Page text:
Fast-talking Jack McCall (Eddie Murphy) says whatever it takes to close a deal. But after stretching the truth with a spiritual guru, he suddenly finds his life depending on a magical tree with 1,000 leaves…one for every word he has left. Now Jack's got to stop talking and conjure up some outrageous ways to communicate or he's a goner. (from athousandwordsmovie.com)
Director Brian Robbins, who last directed the 2008 bomb Meet Dave and the 2007 bomb Norbit--both of which starred Eddie Murphy--was hoping that three time's the charm with his latest directorial effort, A Thousand Words. Taking a page out of the Liar Liar handbook (from which Yes Man also seemed birthed), A Thousand Words follows the story of a fast-talking, schmoozing book publishing agent who believes he can sign a popular spiritualist's novel to his publishing company. Murphy plays the lead, Jack McCall, and sets up this story of a self-centered man who only really seems to care about himself and making a fortune than anyone else around him. He takes advantage of his assistant, Aaron, who serves as a bit of a lackey to McCall, while at home he resists trading in his bachelor lifestyle for his newfound fatherhood alongside his wife Caroline. After visiting this spiritualist, Sinja, and getting him to sign with him, he touches a tree which seems to mysteriously unite with his being. That night, while arguing with Caroline over moving out of their home to raise their son in a more family-friendly environment, the tree tears through their backyard and takes root on his property. With every word Jack speaks, a leaf falls from the tree, and it soon would appear that when the tree loses all of its leaves, he may die along with it.
With an interesting, albeit hokey, premise such as this one, it comes as no surprise that the word-spitting comic nature of Murphy being forced to act without speaking in every day-to-day situation may bring to mind a movie like Liar Liar. As we watch Jack go through his daily routines in the beginning before being forced to not speak at all (or very, very minimally), we then see those same kinds of situations and interactions but now with him not being able to speak. To throw a wrench in the works, Jack can't even write a word without it causing the leaves on his tree to fall. This go from silly to absurd at times, too, but it's often done as a means of creating laughs for the audience at the main character's expense. The problem Robbins has as director here most, though, is balance. Some scenes are quite silly or funny, but then the next scene may be borderline depressing or a strange mix of drama and comedy. It's tough to get the tone in a film like this to be consistent or just right, but Robbins and Murphy still manage to do a fair job at pulling it all off by the film's end. Liar Liar focused primarily on comedy before shooting straight for the heart in the finale, but A Thousand Words may try a little too hard to cover a wider array of emotions throughout.
Love him or hate him, Eddie Murphy was an inspired choice for such a premise. The idea of the story is to place thoughtful importance on the words we speak. But some of the ways that things go awry in Jack's world may be questionable, with people's reactions--including his own--to situations potentially being a bit too over-the-top to really accept. Knowing his words are numbered, you still might expect him to try harder to speak during crucial moments instead of potentially losing everything when things get rough (and then, therefore, wasting most of his remaining words in a fit of rage). Still, Murphy's schtick relies entirely on his physical comedy and facial expressions once his words are numbered. For the most part, it does work, but you may have to be a diehard fan of his to fully appreciate it (Also much like Carrey in Liar Liar). Robbins does a pretty good job surrounding Murphy with solid talent to play off of, but the choice of having Clark Duke play Jack's assistant Aaron is a questionable one. At first, Aaron is borderline endearing...that is, until Jack stops talking and we see the real Aaron shine through. From then on until the movie's final scenes, Aaron spouts random profanity and sexual references, almost seemingly to compensate for Murphy's lack of being able to do so while keeping his mouth shut. He becomes an overused, unwelcomed character before too long. Kerry Washington plays well as Murphy's wife, but her character is written to be a bit more impuslive than one would expect a spouse to be. In other words, she seems to do things and react in certain ways only to serve the plot, which makes her character feel less genuine at times.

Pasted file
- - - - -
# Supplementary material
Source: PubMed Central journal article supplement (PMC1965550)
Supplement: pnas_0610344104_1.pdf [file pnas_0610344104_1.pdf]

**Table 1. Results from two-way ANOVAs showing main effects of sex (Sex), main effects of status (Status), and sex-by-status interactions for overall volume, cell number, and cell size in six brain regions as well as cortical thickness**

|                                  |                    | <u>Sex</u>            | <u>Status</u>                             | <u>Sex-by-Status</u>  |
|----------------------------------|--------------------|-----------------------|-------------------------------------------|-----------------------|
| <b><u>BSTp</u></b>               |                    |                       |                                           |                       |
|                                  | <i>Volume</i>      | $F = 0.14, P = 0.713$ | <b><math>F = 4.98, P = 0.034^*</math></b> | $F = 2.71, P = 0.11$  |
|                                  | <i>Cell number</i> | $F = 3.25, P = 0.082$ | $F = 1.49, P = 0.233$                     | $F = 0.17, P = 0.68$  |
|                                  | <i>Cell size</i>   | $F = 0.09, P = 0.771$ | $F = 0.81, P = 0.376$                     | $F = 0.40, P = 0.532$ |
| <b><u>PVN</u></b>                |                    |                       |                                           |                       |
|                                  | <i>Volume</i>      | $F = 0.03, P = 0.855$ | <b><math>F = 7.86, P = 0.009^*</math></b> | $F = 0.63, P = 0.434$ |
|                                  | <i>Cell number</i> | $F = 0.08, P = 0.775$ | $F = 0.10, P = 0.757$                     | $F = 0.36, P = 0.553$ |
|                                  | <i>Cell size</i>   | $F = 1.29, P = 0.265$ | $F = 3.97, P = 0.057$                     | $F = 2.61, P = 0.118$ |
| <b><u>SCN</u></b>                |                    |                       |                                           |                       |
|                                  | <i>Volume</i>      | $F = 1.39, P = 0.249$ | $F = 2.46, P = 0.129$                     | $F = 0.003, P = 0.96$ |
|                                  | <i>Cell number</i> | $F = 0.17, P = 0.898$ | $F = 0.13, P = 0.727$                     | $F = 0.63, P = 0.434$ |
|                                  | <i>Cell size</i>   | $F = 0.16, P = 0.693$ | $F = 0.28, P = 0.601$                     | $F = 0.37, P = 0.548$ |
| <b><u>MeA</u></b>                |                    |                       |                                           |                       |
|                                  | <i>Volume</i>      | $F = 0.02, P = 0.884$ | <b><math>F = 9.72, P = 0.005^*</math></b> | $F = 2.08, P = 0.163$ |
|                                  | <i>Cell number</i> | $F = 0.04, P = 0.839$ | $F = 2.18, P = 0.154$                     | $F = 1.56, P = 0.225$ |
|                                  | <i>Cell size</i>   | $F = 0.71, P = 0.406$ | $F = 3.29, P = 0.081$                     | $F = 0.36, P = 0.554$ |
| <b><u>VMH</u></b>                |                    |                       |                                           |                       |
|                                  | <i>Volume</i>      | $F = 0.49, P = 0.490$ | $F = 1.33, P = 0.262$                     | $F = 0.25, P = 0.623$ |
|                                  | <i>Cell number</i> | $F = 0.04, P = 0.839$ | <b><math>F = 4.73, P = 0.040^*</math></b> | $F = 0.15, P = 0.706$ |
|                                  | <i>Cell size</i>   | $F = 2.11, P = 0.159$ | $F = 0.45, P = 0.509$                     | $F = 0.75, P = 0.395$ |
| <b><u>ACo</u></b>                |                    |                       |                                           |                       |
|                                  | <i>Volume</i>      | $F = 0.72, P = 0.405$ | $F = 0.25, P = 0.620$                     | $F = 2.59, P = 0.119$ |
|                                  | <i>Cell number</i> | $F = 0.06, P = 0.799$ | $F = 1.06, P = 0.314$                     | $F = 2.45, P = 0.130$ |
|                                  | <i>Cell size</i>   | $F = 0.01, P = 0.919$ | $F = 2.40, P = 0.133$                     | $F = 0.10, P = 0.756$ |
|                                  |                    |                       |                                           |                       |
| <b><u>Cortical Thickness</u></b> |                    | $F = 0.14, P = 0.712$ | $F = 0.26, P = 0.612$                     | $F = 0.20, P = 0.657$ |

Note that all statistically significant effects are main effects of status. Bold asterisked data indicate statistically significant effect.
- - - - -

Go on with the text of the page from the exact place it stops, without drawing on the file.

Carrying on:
But this premise gimmick does allow for some pretty clever comedic moments too. One scene finds Jack relying entirely on communicating through talking plush toys and movie paraphernalia to close a deal over the phone. It's ridiculous, but one of the movie's funnier moments. Other pretty amusing moments showcase how things that are done to the tree also happen to Jack, whether it's hitting the tree with an ax causing him to go flying through the air, or watering it causing droplets to form on his face. It seems selective, however, but Robbins utilizes a scene where the tree is fumigated with pest killer to cause Jack to appear stoned during a crucial business transaction. Again, it's ridiculous and just plain silly, but it works on a comedic level. Overall, it's a film you don't take too seriously, in fact lends to some of the tonal inconsistencies. Robbins and Murphy clearly want you to take the movie lightly until Jack's metamorphosis comes to a head during the finale.